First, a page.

American novelist James Patterson is on a mission. His goal is to get more people to read and to "draw attention" to illiteracy.
"People are indifferent and that's crazy," the best-selling author told CNBC's On the Money in an interview. "They're not understanding how essential it is, especially reading."
About 14 percent of the adult U.S. population—some 30 million Americans—can't read, according to data from the U.S. Department of Education. Literacy rates in the U.S. have remained about the same for the past decade.
The author of the popular Alex Cross series told CNBC that the rate of people who can't read is "stuck because people don't care enough." For his part, the author is tackling the issue with both his time and money.
The National Book Foundation just presented him with its 2015 Literarian Award, honoring the author's "lifetime of achievement in expanding the audience for books and reading," praising his "literary activism."
Last year, Patterson distributed one million dollars to 178 independent bookstores. He's also donated more than a million books to soldiers and school children.
This year, along with the Scholastic Reading Club, he's doled out $1.75 million dollars in grants to improve school libraries across the country, and he says he'll do the same thing next year. "The best thing I can do," Patterson said, "is let people know that your school library probably needs help."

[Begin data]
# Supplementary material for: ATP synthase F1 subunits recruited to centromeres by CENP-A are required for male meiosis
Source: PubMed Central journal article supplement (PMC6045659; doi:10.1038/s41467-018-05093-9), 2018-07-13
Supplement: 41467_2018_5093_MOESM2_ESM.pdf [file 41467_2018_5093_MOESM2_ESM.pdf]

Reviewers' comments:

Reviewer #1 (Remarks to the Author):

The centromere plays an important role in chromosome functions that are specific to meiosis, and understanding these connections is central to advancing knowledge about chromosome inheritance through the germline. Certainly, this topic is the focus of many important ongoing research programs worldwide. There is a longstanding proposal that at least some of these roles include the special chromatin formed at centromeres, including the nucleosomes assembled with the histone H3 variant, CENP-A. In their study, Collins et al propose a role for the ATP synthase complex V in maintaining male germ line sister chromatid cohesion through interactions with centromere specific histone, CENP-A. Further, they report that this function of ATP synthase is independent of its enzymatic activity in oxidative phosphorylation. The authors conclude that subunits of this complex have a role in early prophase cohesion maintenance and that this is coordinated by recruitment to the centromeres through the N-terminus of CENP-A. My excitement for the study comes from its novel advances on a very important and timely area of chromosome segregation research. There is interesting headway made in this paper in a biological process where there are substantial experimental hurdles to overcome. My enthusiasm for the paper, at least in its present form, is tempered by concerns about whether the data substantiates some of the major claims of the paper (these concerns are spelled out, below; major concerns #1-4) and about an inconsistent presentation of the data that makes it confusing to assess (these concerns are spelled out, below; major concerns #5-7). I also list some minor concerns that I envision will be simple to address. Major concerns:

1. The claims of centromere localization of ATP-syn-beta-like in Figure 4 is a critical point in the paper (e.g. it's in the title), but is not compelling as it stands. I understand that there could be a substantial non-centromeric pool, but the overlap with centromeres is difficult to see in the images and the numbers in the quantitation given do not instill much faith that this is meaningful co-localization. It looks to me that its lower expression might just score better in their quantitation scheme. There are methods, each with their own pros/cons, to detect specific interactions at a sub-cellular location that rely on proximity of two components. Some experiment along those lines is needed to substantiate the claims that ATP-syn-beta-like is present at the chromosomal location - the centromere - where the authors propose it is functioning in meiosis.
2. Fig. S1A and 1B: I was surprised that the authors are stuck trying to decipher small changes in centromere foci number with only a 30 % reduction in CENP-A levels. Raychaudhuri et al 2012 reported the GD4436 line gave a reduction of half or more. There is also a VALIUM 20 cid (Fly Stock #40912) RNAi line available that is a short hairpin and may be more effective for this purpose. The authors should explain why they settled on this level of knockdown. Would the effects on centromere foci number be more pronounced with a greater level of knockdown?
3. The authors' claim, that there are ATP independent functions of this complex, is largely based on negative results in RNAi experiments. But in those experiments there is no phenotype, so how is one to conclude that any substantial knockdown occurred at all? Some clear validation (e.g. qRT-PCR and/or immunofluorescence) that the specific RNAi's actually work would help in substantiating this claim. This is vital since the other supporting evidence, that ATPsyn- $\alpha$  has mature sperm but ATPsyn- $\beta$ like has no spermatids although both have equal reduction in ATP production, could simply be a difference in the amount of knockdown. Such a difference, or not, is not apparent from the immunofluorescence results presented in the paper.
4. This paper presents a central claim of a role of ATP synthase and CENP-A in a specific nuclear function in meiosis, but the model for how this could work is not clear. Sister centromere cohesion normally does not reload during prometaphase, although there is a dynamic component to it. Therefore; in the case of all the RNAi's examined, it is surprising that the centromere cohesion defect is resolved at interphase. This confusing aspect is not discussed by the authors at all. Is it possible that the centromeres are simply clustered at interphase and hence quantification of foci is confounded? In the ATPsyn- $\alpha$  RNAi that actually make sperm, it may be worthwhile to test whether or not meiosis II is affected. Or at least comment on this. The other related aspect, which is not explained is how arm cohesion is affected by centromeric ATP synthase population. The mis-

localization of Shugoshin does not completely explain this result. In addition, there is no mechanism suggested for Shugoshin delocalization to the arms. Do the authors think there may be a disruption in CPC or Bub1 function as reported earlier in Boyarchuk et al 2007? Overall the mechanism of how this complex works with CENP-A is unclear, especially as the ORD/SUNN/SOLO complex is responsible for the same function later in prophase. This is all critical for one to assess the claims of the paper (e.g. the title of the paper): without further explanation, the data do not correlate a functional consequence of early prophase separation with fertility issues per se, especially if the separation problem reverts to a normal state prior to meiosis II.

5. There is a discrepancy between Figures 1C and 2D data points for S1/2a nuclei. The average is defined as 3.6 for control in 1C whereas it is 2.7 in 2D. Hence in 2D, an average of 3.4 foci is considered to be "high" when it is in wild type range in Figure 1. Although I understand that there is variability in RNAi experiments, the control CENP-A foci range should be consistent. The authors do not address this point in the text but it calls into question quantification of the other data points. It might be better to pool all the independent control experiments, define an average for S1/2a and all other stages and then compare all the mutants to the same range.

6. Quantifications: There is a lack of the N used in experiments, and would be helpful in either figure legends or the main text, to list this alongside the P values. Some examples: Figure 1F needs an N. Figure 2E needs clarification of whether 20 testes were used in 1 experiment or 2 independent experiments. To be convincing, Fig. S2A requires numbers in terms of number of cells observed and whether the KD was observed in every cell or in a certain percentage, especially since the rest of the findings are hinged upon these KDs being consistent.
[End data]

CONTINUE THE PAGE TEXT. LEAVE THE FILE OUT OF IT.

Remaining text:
Since his first novel was published 39 years ago, Patterson has become the most popular and prolific American author. He's written 147 books that have sold more than 300 million copies worldwide, including several series for young adults, like "Middle School", "I Robot" and "Treasure Hunters."
In another example of the author's efforts, this year he established his own children's book imprint, "JIMMY Patterson", and has pledged the profits from "JIMMY" books will go to pro-reading initiatives. He says the country must make reading a national priority, especially for children.
"Kids who are fairly bright, if they don't read broadly," Patterson told CNBC, "they won't be as good citizens." He added that "they won't be able to look at issues with intelligence."
Books, Patterson said, help readers sift through information and "understand how complicated things are," especially with respect to complex policy issues such as immigration.
"Don't give me simple minded…it's complicated and the more people read, the more they realize things are complicated," he said. And Patterson warns of the consequences of not teaching kids reading skills.
"If the at-risk kids don't become competent readers in middle school, how will they get through high school?" Patterson asked.
"Whether you read 'War and Peace' or whether you become a lifelong reader isn't as important to me as kids becoming competent readers," he said. "If they are competent readers, they can get through school and there are more possibilities for them."
Patterson told to "On the Money" that the "essence of getting kids reading" is that "everyone can do it, you can do it in your house, you can get your kid reading, and you just have to be firm about it."
Reading should be the rule at home from parents to their kids, he added.
"You don't let them track mud on the floor. And you say, 'We read in our house'. That's the deal," he said. "We read in our house and 'no' is not an acceptable answer."
"On the Money" airs on CNBC Saturdays at 5:30 am ET, or check listings for air times in local markets.